Sabbatarianism

Sabbatarianism advocates the observation of the Sabbath in Christianity, in keeping with the Ten Commandments.[1]

Sabbath Eve, painting by Alexander Johnston

The observance of Sunday as a day of worship and rest is a form of first-day Sabbatarianism, a view which was historically heralded by nonconformist denominations, such as Congregationalists, Presbyterians, Methodists, Moravians, Quakers and Baptists, as well as many Episcopalians.[2][3][4][5] Among Sunday Sabbatarians (First-day Sabbatarians), observance of the Lord's Day often takes the form of attending the Sunday morning service of worship, receiving catechesis through Sunday School, performing acts of mercy (such as evangelism, visiting prisoners in jails and seeing the sick at hospitals), and attending the Sunday evening service of worship, as well as refraining from Sunday shopping, servile work, playing sports, viewing the television, and dining at restaurants.[6][7][8] The impact of first-day Sabbatarianism on Western culture is manifested by practices such as Sunday blue laws.[9]

Seventh-day Sabbatarianism is a movement that generally embraces a literal reading of the Sabbath commandment that provides for both worship and rest on Saturday, the seventh day of the week. Seventh-day Baptists leave most other Sabbath considerations of observance to individual conscience. The Sabbatarian Adventists (Seventh-day Adventist Church, Davidian Seventh-day Adventists, Church of God (Seventh Day), and others) have similar views, but maintain the original, scriptural duration as Friday sunset through Saturday sunset. The Orthodox Tewahedo Churches in Ethiopia and Eritrea observe the seventh-day Sabbath, as well as Sunday as the Lord's Day.[10][11] Likewise, the Coptic Church, another Oriental Orthodox body, "stipulates that the seventh-day Sabbath, along with Sunday, be continuously regarded as a festal day for religious celebration."[12] The Eastern Orthodox Church also upholds that the Sabbath is still on Saturday. Seventh-day Sabbatarianism also includes Sabbatarian Pentecostalists (True Jesus Church, Soldiers of the Cross Church), Armstrongism, modern Judaisers (like, Hebrew Roots movement), and others.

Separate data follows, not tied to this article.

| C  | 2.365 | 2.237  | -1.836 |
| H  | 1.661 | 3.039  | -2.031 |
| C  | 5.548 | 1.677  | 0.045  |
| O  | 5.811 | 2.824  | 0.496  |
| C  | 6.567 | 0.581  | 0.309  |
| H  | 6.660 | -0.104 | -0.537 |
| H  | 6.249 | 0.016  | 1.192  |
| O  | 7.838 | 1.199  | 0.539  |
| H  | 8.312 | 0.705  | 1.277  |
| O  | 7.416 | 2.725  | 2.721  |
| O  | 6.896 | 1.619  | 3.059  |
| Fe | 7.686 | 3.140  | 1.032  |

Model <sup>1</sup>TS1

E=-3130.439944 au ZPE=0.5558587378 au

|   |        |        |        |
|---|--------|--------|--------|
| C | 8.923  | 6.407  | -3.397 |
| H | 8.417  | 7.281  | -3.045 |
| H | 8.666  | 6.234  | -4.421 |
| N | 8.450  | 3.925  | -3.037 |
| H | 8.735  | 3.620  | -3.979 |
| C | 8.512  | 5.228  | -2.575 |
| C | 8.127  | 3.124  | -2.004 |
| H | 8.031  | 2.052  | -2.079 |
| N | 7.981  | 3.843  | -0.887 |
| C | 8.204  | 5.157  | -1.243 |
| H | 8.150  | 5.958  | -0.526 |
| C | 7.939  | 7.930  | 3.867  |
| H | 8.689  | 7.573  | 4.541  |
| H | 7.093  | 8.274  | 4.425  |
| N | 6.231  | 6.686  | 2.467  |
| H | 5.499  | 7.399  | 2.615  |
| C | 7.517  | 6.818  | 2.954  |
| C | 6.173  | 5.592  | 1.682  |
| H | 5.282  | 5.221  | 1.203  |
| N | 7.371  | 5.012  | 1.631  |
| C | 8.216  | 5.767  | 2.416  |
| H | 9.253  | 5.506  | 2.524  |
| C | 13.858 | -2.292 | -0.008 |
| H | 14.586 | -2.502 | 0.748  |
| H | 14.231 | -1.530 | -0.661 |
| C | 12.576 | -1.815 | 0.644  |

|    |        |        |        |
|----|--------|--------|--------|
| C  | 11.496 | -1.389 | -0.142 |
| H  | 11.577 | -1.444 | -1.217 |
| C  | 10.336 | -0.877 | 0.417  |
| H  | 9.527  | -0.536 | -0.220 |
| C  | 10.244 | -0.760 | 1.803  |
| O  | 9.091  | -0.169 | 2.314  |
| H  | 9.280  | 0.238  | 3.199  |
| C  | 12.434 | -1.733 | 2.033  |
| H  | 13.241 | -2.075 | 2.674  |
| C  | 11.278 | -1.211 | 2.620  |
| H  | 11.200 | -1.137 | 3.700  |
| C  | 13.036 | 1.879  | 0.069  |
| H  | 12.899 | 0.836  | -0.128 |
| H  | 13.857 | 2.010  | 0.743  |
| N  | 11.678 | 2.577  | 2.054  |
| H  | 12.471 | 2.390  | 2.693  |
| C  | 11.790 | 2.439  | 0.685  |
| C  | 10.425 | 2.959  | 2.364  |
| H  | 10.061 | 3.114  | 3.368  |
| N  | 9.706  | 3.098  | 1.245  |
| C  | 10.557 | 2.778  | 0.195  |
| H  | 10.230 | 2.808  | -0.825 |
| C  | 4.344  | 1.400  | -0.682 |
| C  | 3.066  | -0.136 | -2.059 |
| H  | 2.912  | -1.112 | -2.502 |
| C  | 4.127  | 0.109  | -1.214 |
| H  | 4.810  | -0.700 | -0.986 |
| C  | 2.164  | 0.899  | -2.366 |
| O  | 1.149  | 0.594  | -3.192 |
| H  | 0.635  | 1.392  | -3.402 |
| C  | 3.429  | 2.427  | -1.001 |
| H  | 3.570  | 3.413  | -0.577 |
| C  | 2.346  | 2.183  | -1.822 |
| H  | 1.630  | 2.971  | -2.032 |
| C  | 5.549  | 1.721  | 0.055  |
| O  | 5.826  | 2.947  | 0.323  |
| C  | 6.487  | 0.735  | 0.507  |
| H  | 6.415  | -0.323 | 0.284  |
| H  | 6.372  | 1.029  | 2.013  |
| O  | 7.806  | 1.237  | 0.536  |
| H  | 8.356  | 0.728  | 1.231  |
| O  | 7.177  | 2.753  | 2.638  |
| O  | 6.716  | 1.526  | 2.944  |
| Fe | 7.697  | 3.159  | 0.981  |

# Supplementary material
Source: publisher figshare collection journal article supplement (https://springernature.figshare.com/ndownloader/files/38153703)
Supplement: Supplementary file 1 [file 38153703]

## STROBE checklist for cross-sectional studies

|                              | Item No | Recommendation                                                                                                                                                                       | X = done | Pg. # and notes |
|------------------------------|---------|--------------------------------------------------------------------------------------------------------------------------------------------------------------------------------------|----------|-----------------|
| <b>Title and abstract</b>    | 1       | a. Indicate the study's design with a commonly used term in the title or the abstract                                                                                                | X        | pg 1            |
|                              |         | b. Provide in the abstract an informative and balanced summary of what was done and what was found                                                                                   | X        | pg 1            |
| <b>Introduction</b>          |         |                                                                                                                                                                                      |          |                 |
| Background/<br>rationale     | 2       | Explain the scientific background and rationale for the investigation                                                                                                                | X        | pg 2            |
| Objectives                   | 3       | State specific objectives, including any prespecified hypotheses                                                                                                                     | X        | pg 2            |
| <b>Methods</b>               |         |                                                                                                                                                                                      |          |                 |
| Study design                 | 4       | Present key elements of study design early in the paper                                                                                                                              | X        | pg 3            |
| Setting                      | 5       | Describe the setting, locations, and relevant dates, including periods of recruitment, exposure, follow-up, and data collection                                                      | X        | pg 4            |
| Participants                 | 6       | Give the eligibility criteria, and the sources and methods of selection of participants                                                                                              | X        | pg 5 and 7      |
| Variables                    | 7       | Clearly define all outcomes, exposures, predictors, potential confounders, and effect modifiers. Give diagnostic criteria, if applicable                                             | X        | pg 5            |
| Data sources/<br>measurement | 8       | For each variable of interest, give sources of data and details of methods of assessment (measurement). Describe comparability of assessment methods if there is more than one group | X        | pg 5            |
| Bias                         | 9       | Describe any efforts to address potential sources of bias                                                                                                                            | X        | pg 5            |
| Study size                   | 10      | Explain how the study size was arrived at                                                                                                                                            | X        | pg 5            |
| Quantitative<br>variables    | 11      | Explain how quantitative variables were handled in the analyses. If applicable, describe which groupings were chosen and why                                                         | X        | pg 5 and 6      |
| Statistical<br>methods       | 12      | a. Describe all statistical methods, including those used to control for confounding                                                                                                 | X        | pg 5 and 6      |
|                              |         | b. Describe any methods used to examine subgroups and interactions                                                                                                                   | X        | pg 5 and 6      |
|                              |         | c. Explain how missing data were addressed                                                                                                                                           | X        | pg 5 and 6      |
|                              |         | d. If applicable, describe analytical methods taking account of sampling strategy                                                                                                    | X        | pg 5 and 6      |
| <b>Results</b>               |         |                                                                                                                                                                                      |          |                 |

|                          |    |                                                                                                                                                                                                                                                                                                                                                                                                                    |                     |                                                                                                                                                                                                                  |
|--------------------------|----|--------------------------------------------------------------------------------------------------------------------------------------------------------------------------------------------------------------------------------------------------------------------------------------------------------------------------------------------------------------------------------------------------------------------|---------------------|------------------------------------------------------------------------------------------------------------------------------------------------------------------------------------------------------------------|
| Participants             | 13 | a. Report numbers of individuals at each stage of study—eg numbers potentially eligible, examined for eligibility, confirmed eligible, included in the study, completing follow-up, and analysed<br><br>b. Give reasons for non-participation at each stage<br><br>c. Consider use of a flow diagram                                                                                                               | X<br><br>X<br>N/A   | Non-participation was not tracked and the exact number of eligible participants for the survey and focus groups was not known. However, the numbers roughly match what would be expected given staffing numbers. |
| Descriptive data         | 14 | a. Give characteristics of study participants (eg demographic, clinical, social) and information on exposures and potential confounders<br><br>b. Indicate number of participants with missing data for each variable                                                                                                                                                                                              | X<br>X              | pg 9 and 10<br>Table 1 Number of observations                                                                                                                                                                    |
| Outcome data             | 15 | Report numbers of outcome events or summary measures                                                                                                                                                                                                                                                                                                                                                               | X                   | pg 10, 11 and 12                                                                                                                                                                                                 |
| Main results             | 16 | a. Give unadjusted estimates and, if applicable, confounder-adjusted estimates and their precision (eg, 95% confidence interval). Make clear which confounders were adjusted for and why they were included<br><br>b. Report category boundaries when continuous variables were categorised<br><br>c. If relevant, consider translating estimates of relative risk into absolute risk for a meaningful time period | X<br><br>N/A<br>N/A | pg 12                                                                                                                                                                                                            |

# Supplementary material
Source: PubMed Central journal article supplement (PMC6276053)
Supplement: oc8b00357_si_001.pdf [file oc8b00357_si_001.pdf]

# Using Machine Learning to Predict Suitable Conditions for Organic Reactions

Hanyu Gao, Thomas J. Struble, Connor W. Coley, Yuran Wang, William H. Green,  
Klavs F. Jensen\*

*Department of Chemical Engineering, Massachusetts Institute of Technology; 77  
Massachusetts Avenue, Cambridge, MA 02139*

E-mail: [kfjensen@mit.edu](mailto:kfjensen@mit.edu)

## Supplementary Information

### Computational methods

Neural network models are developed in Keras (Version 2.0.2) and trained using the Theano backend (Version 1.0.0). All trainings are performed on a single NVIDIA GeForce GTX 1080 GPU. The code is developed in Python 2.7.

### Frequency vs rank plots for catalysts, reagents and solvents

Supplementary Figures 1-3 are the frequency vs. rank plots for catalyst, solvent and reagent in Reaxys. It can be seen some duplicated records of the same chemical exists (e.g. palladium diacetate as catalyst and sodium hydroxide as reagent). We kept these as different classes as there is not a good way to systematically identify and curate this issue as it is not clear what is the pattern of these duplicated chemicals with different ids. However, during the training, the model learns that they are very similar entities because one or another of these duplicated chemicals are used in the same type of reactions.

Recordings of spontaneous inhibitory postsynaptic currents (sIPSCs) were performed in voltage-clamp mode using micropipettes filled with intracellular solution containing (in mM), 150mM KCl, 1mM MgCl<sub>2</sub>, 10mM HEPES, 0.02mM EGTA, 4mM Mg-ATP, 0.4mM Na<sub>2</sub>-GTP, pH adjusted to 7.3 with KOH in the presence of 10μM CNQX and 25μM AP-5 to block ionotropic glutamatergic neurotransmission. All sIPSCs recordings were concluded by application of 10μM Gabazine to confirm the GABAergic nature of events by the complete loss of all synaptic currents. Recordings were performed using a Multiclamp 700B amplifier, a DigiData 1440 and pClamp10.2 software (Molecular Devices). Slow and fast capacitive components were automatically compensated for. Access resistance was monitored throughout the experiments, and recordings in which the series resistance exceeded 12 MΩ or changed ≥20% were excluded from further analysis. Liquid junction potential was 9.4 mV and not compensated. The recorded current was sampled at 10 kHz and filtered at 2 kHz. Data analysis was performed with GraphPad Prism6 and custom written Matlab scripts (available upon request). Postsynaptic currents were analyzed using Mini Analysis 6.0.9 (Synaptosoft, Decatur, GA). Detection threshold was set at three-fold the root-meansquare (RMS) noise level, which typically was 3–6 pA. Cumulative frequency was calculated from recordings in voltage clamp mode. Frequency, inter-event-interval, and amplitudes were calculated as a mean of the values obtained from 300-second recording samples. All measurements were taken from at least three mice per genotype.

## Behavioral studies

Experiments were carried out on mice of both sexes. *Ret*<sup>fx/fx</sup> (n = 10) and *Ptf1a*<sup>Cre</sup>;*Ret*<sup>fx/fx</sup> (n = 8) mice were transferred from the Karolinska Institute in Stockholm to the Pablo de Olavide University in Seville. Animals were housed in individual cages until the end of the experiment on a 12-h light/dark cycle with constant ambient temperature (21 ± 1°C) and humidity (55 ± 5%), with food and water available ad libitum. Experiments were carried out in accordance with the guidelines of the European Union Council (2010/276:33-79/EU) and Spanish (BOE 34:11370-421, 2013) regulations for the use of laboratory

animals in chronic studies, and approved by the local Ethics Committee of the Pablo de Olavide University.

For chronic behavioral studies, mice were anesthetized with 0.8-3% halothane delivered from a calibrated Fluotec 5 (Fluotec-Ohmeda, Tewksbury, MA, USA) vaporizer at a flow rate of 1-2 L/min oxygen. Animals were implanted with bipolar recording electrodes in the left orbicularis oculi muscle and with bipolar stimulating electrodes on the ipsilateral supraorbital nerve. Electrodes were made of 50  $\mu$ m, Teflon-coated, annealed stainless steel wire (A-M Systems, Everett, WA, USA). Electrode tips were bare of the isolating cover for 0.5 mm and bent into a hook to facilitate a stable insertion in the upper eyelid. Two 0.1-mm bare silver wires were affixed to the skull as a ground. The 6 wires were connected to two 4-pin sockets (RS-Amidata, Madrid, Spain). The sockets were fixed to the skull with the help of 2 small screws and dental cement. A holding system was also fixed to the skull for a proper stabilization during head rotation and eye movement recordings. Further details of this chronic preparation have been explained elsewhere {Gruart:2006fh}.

Its historical origins lie in early Christianity, later in the Eastern Church and Irish Church,[13] and then in Puritan Sabbatarianism, which delineated precepts for keeping Sunday, the Lord's Day, holy in observance of Sabbath commandment principles.

Non-Sabbatarianism is the view opposing all Sabbatarianism, declaring Christians to be free of mandates to follow such specific observances. It upholds the principle in Christian church doctrine that the church is not bound by such law or code, but is free to set in place and time such observances as uphold Sabbath principles according to its doctrine: to establish a day of rest, or not, and to establish a day of worship, or not, whether on Saturday or on Sunday or on some other day. It includes some nondenominational churches.


Share this article:

This article uses material from the Wikipedia article Sabbatarianism, and is written by contributors. Text is available under a CC BY-SA 4.0 International License; additional terms may apply. Images, videos and audio are available under their respective licenses.